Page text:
Workshop decisions

I’m part way through reading Disastrous Decisions, Andrew Hopkins’ recent book on the Deepwater Horizon oil well disaster in the Gulf of Mexico.  One chapter looks at why the people responsible for deciding that the well had been properly cemented did so in the face of considerable evidence to the contrary.  There are multiple reasons but prominent among them are consensus decision making and groupthink, which occurred with the best of intentions but lead to decisions that were incorrect and ultimately tragic.  I read this with increasing discomfort because group decision making is seen as central to a safety management study workshop.

Hopkins does not seem to be suggesting complete abandonment of participatory decision making but mentions other approaches that retain the advantages of participation while avoiding the worst features of groupthink:

  • Decisions are made by a single responsible person after consulting with all relevant experts, OR
  • Decisions are made by a group but the group includes an outside expert who is independent of the in-house team, OR
  • Decisions are made by a group but one member of the group is appointed devil’s advocate to openly challenge the group’s thinking

In principle a pipeline safety management study has to be approved by the pipeline licensee so some might argue that the first alternative above is already in place.  In practice however this is most unlikely to be effective unless the licensee’s responsible officer participates in the workshop; that hasn’t happened yet in the several dozen workshops I have been in.

For the second option, I guess that I often fill the role of independent outside expert myself when I run a workshop for a client, except that if I lead the discussion (which is very often the case) I could conceivably be part of the groupthink problem rather than a solution.  I try hard to avoid railroading a workshop but there is a fine line between trying to provide guidance and inadvertently providing firm direction.

For that reason I quite like the devil’s advocate concept.  I will be thinking about how it might be incorporated in future SMS workshops.

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4 Responses to Workshop decisions

  1. Chris Hughes says:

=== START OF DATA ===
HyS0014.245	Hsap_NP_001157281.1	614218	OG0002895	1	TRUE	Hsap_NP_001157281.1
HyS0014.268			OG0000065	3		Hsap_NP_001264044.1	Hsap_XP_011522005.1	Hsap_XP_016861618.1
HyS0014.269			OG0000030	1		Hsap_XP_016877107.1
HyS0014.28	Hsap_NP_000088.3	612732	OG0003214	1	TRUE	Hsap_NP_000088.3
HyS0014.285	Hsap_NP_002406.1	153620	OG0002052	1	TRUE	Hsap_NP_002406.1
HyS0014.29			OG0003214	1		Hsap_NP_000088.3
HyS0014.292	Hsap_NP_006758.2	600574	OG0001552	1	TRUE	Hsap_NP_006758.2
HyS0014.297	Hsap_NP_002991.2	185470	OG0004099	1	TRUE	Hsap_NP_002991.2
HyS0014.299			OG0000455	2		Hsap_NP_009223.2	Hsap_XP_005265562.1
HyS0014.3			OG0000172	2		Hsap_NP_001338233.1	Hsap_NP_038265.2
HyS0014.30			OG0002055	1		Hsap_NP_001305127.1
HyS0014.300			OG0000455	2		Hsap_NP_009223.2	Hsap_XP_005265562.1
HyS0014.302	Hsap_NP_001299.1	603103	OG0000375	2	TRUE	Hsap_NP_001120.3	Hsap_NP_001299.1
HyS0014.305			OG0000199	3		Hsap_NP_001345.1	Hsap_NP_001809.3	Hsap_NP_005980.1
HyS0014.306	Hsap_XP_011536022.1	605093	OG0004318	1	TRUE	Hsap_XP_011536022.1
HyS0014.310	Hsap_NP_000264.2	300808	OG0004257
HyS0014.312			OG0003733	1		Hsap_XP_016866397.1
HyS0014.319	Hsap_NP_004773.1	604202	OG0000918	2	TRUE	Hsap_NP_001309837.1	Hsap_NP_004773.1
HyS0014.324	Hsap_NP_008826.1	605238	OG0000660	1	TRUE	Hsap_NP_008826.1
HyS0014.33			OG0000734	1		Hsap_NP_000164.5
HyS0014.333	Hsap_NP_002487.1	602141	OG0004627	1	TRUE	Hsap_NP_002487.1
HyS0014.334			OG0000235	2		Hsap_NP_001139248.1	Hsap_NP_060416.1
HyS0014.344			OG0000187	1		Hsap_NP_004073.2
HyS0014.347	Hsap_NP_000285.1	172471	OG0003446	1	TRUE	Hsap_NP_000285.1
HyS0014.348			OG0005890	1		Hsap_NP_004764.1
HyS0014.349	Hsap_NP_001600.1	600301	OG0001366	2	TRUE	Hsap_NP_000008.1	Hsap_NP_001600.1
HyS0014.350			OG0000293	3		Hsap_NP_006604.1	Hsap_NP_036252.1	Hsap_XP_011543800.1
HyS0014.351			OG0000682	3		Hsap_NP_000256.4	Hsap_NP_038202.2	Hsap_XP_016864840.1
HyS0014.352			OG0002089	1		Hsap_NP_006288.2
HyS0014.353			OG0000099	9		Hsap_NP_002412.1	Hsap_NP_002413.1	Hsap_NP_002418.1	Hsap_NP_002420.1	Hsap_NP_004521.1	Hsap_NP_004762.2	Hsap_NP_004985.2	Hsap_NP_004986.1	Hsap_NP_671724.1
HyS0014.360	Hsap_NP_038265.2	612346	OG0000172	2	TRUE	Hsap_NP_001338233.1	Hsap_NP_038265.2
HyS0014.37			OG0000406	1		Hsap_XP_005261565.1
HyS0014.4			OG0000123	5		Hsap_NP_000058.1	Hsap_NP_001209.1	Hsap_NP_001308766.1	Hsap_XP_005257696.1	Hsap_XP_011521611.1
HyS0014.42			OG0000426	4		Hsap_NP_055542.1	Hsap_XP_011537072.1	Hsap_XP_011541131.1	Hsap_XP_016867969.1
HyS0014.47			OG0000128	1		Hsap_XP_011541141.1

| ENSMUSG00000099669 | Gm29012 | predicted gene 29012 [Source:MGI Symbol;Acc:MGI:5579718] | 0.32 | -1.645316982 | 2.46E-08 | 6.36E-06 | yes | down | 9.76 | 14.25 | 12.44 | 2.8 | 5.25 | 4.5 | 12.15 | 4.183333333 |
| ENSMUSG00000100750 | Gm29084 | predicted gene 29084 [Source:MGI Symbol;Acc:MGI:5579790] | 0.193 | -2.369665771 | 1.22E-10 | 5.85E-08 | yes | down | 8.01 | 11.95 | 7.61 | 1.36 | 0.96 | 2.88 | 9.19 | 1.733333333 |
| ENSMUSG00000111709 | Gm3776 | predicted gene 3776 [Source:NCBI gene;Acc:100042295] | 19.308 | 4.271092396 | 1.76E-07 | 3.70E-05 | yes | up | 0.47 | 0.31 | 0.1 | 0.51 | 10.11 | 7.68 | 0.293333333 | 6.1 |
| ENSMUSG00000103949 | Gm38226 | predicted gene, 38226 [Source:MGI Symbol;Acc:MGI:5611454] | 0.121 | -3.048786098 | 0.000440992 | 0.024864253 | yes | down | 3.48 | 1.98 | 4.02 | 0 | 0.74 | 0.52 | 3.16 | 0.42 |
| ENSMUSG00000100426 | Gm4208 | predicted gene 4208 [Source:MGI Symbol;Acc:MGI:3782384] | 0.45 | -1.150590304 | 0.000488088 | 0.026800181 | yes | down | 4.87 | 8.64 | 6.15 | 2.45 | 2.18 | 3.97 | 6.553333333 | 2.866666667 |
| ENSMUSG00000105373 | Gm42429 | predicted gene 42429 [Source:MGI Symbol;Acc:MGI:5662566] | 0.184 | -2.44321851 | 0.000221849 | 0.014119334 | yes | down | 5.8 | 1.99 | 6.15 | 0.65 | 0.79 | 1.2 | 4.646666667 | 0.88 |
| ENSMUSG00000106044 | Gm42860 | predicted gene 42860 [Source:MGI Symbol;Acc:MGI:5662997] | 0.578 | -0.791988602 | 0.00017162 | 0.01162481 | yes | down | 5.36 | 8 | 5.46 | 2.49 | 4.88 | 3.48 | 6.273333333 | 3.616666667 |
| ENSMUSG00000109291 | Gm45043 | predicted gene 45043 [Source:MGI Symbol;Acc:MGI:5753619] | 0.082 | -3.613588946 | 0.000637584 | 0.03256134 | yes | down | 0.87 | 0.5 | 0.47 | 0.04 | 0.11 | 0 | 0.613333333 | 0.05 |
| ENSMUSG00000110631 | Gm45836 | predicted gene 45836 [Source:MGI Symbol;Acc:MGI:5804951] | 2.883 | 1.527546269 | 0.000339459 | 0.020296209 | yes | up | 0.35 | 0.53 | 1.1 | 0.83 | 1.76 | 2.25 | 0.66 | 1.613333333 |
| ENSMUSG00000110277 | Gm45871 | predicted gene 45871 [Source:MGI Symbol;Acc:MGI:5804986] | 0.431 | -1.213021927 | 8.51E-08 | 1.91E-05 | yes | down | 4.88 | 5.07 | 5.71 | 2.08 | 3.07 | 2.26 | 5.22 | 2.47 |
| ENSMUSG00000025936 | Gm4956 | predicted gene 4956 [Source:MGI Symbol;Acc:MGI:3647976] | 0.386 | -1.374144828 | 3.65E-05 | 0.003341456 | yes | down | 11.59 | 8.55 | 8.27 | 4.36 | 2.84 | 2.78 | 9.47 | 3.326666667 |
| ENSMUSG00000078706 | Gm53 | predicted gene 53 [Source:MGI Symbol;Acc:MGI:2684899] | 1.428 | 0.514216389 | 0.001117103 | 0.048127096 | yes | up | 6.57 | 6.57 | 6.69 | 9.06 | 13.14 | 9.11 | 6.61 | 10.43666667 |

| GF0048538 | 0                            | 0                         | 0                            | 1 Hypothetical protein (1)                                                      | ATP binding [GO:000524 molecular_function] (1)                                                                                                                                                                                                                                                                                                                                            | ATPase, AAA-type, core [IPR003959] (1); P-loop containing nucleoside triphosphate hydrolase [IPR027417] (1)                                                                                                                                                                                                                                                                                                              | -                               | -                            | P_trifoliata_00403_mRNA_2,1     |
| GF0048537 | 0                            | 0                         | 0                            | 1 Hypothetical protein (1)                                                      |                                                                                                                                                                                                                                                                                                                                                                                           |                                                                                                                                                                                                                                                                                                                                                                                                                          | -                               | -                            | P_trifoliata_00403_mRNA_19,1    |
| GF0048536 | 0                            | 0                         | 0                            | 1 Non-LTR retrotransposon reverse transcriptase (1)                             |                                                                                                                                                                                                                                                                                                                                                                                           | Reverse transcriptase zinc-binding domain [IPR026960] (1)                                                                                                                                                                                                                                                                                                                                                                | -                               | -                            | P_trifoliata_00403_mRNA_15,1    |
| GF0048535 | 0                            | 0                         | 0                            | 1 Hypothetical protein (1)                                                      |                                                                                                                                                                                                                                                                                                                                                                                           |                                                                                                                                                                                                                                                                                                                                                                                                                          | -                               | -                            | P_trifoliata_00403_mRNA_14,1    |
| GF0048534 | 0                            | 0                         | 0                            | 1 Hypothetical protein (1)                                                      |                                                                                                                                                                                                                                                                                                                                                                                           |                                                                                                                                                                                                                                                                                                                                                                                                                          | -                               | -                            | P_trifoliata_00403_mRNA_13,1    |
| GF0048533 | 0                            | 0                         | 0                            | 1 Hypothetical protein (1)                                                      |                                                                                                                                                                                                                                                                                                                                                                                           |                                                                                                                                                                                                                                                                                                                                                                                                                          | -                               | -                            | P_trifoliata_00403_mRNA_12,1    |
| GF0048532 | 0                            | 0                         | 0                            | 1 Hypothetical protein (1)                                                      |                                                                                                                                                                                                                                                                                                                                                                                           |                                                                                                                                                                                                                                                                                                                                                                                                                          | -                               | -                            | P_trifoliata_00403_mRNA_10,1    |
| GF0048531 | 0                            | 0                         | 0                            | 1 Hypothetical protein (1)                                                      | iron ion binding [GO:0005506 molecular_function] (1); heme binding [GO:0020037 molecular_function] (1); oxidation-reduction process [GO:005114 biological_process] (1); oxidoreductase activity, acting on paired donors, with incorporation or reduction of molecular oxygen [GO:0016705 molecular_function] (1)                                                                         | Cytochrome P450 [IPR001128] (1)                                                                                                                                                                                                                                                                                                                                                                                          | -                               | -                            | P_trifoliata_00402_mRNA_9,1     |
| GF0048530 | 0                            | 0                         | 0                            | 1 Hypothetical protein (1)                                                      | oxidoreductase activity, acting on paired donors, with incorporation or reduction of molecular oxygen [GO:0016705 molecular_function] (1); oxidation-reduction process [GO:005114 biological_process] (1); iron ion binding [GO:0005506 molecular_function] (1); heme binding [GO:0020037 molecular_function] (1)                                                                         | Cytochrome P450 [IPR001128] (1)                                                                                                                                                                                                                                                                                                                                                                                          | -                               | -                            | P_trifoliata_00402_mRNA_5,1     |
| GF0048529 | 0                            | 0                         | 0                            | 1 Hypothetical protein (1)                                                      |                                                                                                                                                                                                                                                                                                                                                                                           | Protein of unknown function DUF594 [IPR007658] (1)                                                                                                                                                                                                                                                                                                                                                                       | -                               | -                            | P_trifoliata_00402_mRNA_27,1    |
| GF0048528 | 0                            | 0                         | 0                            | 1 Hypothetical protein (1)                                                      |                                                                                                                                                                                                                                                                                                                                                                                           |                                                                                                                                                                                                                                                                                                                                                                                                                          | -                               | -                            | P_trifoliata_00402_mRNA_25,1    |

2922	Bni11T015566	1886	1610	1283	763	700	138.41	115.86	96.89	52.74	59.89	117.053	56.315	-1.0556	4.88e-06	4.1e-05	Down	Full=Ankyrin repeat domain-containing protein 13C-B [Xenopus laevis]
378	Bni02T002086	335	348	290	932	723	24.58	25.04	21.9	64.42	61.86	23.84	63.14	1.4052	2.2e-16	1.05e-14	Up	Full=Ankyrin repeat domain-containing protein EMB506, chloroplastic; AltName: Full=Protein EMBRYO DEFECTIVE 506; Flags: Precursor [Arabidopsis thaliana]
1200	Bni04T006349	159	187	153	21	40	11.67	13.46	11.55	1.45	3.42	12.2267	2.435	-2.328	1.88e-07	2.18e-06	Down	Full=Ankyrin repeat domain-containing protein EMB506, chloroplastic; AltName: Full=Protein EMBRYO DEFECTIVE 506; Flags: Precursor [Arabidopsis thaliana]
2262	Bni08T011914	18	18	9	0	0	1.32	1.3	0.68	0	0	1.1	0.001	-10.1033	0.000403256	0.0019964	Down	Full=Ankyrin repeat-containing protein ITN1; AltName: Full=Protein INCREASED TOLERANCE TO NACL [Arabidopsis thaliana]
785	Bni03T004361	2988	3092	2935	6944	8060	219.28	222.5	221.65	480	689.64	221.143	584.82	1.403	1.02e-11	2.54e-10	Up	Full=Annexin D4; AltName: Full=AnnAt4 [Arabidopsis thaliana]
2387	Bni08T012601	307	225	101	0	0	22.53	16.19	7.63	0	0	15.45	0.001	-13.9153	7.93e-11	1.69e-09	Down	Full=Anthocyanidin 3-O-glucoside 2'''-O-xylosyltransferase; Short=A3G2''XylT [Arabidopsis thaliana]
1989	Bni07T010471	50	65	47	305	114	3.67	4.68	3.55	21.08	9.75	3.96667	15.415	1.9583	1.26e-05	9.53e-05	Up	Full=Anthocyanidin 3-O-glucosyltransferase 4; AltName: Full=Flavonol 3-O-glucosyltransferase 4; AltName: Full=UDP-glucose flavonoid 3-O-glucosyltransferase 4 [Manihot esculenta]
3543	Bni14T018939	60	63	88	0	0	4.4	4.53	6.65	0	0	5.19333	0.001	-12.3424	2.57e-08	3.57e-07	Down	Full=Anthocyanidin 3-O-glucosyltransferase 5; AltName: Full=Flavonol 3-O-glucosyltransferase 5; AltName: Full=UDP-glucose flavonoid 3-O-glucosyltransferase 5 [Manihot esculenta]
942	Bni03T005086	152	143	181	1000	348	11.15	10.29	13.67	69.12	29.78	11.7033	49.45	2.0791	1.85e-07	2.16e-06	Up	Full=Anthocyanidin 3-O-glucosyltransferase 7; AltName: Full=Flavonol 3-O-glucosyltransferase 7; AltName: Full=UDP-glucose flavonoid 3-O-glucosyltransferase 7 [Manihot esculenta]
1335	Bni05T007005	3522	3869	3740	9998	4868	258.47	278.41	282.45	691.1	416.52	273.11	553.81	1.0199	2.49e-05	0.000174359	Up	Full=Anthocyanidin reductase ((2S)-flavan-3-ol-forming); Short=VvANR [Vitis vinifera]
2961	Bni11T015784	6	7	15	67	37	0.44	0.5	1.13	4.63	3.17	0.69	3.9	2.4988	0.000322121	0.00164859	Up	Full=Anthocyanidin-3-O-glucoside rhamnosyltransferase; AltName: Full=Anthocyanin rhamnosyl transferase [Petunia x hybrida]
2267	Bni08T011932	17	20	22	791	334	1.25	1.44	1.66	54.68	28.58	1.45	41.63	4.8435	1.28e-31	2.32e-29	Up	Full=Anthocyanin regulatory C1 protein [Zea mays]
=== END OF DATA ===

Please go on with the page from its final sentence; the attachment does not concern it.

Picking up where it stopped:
When I act as an independent facilitator I try to be a combination of outside expert and devil’s advocate: sometimes I will state definitively from my experience that a particular design will or will not be effective, sometimes I just put forward extreme scenarios to ensure the workshop makes its decision based on as full an assessment as possible. This seems to work well.

  2. Darryl McMillan says:

    Peter, I agree with the devil’s advocate concept. The SMS’s we have undertaken generally involve an independant facilitator/expert along with various other members with experience in a range of disciplines in the pipeline industry. While we do not consciously decide that someone becomes a “devil’s advocate” it is made clear to the people involved that they should feel free to express their opinions. We’ve found that this is a good approach to ensure that all possible scenarios and issues are laid out on the table and considered. The key to achieving this I feel is a facilitator who is clear in explaining what the objectives are and ensuring people are comfortable to voice their opinions.

  3. Phil Venton says:

    Useful information, thanks.
    I believe that the best way of at least minimising group think is that the SMS preparation is done the way it was intended in 1997 – by the responsible designer analyses the threats and determines the controls, then documents the design and in parallel the threat/control/ and its effectiveness.
    It is very difficult for the facilitator to facilitate critical examination of the threats/controls/effectiveness evaluation when he does most of the preparatory work, and documents the workshop findings in his database.